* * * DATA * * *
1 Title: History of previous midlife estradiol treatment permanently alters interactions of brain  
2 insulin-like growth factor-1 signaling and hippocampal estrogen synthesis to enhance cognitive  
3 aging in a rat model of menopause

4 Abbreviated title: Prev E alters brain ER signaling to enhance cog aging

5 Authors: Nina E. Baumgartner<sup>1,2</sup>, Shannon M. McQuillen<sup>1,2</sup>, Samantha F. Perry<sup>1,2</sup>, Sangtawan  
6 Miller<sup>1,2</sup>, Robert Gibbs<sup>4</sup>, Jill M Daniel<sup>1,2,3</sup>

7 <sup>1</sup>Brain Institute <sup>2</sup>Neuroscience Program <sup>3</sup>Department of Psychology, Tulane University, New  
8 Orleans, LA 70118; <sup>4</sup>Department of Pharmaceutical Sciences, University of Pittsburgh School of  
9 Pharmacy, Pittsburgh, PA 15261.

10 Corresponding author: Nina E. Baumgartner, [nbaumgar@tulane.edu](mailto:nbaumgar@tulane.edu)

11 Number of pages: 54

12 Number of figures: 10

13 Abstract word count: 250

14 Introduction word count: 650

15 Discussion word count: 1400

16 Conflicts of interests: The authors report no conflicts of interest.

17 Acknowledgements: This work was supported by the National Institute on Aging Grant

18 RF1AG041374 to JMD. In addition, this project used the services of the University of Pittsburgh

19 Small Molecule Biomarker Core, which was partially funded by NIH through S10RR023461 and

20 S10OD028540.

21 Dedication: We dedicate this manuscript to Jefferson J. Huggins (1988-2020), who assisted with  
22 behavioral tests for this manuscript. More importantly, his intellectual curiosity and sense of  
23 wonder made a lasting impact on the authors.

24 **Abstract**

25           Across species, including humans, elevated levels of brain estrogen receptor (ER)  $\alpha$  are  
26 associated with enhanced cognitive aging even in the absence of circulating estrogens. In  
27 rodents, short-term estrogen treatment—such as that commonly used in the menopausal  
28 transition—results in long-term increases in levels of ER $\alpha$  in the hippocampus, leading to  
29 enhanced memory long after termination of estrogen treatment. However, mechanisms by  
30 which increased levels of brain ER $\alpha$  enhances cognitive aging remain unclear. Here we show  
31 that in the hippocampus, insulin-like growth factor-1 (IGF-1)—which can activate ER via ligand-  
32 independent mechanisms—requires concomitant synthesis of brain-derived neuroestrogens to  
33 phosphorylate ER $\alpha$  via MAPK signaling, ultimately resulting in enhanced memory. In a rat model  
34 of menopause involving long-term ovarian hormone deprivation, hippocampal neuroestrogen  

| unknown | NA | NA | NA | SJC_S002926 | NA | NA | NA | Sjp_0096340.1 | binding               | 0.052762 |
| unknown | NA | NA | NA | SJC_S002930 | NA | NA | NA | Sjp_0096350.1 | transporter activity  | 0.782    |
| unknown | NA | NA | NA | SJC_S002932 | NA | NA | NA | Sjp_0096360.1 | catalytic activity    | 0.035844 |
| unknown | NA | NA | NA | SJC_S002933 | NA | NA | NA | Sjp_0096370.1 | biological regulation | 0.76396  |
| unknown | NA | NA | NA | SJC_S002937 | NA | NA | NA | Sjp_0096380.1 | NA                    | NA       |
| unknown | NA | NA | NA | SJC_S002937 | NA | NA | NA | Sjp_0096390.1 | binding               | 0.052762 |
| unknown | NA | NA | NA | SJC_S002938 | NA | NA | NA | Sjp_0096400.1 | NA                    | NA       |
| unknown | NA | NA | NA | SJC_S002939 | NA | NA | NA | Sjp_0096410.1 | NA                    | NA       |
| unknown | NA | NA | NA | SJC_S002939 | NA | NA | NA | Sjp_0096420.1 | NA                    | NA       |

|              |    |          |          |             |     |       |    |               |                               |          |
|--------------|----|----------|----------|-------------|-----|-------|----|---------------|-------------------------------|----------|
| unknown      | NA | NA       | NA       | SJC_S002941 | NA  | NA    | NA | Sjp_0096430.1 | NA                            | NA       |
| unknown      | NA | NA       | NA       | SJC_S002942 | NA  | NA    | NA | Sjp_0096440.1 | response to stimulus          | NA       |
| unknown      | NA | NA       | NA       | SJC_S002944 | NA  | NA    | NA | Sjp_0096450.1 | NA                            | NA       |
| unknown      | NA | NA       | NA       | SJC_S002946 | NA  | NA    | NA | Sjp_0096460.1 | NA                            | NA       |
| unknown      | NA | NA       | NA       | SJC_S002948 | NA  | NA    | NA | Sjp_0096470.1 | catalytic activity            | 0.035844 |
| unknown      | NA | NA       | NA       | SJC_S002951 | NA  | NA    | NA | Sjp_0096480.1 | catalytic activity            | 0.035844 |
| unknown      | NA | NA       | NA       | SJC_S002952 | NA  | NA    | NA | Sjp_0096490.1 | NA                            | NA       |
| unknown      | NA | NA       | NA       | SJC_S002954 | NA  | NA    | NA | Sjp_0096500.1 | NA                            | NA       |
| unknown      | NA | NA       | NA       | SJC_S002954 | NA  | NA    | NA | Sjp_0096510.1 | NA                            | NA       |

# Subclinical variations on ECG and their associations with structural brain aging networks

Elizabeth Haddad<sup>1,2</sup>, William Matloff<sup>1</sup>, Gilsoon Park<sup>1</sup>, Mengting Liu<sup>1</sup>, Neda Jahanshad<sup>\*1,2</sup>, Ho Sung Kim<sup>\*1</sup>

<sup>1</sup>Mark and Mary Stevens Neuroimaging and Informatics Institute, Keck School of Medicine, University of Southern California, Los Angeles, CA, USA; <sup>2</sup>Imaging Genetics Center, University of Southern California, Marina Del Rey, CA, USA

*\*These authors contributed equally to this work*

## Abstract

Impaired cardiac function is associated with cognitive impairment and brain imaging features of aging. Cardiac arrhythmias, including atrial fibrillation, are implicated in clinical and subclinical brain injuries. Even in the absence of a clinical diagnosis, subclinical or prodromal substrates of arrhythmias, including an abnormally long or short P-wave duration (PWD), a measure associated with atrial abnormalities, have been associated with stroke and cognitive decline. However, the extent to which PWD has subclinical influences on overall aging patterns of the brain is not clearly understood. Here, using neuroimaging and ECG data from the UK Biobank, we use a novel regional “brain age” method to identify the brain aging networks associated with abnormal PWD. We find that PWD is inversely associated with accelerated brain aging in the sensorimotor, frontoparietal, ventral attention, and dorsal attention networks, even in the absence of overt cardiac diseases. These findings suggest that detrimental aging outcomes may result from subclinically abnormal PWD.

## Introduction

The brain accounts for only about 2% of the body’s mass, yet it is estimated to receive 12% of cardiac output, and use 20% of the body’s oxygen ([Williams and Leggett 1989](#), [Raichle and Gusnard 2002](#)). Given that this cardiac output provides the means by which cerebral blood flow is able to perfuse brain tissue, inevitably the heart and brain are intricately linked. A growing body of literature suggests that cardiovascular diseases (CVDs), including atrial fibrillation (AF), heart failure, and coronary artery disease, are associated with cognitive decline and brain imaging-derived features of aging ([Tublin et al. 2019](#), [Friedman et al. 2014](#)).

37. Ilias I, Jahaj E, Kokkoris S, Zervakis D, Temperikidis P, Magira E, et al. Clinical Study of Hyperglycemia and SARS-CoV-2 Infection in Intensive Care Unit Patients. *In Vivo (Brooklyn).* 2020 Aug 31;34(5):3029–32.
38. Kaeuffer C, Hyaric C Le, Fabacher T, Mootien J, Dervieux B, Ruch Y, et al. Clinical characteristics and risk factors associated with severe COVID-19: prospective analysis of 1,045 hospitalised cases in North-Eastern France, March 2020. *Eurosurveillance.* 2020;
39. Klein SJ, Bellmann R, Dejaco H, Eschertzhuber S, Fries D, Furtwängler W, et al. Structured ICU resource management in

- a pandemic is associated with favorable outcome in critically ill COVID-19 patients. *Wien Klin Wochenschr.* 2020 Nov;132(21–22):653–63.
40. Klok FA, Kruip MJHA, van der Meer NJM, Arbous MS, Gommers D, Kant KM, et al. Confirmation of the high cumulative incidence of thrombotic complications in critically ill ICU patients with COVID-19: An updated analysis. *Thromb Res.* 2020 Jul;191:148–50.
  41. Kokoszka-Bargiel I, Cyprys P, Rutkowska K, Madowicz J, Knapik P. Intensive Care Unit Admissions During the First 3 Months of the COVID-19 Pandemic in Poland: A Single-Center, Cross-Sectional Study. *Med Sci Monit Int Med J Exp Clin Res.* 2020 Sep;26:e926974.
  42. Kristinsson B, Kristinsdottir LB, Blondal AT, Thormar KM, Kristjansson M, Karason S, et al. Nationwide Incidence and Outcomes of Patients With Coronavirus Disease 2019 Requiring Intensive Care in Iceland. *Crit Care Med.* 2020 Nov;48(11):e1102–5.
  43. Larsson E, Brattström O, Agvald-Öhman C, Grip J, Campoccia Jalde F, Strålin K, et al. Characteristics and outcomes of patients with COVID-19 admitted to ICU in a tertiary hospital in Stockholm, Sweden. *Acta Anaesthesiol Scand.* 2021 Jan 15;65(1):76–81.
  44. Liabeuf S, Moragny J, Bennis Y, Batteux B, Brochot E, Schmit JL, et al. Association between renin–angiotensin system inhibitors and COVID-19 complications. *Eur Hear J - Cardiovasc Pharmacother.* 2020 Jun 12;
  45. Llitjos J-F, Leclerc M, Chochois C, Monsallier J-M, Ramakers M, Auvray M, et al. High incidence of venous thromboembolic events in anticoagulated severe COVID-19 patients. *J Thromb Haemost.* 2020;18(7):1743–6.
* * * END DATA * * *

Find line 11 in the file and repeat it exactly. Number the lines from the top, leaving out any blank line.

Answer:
11 Number of pages: 54